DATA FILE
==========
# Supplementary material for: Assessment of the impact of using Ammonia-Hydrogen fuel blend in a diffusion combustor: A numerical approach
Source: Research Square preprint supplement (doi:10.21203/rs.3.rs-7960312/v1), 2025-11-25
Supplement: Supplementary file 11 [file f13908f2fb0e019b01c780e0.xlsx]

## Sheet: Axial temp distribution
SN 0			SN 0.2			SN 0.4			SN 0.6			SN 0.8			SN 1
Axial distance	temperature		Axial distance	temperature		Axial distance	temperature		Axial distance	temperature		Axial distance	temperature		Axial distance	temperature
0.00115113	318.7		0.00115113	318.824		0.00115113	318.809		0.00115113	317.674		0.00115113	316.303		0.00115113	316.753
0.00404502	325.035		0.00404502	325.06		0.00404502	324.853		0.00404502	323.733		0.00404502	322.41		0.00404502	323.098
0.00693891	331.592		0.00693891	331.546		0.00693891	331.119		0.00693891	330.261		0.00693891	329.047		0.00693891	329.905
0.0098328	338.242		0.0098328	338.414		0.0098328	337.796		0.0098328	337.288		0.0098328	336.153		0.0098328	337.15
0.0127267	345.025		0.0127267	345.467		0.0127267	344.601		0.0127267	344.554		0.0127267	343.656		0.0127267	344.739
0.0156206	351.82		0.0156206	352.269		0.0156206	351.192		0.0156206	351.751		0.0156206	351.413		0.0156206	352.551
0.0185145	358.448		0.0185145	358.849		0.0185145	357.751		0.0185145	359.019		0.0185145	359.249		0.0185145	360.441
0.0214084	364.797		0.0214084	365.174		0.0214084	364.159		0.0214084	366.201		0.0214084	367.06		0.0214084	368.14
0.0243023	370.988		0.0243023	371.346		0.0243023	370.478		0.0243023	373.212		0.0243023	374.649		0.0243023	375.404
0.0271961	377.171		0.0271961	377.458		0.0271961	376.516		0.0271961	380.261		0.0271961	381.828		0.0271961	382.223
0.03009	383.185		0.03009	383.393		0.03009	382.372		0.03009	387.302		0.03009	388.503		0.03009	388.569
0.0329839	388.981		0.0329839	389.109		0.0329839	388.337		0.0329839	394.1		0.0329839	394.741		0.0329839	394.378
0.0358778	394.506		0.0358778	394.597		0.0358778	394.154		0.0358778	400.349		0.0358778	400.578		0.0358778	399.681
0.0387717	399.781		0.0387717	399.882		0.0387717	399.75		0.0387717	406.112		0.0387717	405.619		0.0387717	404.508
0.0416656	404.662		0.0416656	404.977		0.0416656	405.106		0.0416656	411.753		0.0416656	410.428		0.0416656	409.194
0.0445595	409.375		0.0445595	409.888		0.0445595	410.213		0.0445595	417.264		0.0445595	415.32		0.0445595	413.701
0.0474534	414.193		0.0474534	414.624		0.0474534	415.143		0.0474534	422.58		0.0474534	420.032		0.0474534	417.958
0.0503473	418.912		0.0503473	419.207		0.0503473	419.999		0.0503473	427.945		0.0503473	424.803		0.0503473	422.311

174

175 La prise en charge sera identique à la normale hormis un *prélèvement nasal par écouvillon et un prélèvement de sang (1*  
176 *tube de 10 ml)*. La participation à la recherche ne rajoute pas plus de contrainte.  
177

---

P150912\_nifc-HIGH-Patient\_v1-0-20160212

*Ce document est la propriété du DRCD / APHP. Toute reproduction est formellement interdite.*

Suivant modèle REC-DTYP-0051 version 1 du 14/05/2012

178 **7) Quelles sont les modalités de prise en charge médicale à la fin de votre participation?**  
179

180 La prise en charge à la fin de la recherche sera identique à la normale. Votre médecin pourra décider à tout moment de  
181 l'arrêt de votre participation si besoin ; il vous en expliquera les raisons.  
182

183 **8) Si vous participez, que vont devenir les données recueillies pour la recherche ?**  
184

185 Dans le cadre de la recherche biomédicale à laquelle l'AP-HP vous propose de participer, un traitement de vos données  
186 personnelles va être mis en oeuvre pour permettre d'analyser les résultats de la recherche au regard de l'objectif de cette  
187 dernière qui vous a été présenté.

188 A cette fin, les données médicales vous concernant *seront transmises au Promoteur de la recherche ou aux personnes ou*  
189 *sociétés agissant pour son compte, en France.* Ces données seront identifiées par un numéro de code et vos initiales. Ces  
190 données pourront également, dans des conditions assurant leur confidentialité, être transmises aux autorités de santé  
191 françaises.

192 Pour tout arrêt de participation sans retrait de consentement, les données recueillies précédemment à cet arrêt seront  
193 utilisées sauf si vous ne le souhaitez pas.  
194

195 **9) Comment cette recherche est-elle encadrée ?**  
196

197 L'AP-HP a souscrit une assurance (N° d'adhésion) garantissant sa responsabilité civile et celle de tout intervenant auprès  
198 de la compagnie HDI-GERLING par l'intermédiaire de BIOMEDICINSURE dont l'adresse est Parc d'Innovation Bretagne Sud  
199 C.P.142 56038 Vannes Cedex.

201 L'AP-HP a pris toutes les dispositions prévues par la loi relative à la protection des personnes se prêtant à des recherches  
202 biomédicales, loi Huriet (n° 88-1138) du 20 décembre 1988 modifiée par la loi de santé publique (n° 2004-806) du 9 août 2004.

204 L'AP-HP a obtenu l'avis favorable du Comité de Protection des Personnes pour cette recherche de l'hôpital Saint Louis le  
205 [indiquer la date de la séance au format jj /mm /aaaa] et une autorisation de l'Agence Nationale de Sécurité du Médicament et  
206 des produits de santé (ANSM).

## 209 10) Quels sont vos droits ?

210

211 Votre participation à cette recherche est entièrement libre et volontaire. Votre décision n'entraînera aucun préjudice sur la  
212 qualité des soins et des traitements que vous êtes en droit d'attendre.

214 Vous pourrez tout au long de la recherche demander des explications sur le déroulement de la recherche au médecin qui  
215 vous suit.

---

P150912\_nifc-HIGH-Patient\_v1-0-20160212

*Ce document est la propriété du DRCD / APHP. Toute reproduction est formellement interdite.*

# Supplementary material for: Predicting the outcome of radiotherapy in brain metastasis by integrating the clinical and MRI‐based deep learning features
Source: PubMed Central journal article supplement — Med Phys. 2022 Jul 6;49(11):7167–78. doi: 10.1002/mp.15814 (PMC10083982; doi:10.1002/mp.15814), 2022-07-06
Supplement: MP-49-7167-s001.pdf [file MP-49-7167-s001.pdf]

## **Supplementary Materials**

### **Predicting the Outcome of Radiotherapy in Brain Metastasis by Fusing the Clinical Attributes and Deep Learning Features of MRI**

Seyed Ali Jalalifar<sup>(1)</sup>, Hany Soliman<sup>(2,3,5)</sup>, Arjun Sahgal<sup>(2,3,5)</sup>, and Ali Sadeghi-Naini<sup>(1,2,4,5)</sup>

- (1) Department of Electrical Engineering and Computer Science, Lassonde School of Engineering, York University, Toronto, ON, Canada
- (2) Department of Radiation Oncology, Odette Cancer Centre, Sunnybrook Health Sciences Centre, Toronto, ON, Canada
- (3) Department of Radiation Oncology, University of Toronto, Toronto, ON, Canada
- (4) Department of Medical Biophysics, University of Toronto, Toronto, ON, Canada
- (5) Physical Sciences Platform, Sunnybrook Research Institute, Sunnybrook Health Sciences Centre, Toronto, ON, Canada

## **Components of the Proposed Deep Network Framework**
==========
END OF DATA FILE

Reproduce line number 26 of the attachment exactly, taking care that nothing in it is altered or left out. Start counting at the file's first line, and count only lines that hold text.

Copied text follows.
175 La prise en charge sera identique à la normale hormis un *prélèvement nasal par écouvillon et un prélèvement de sang (1*  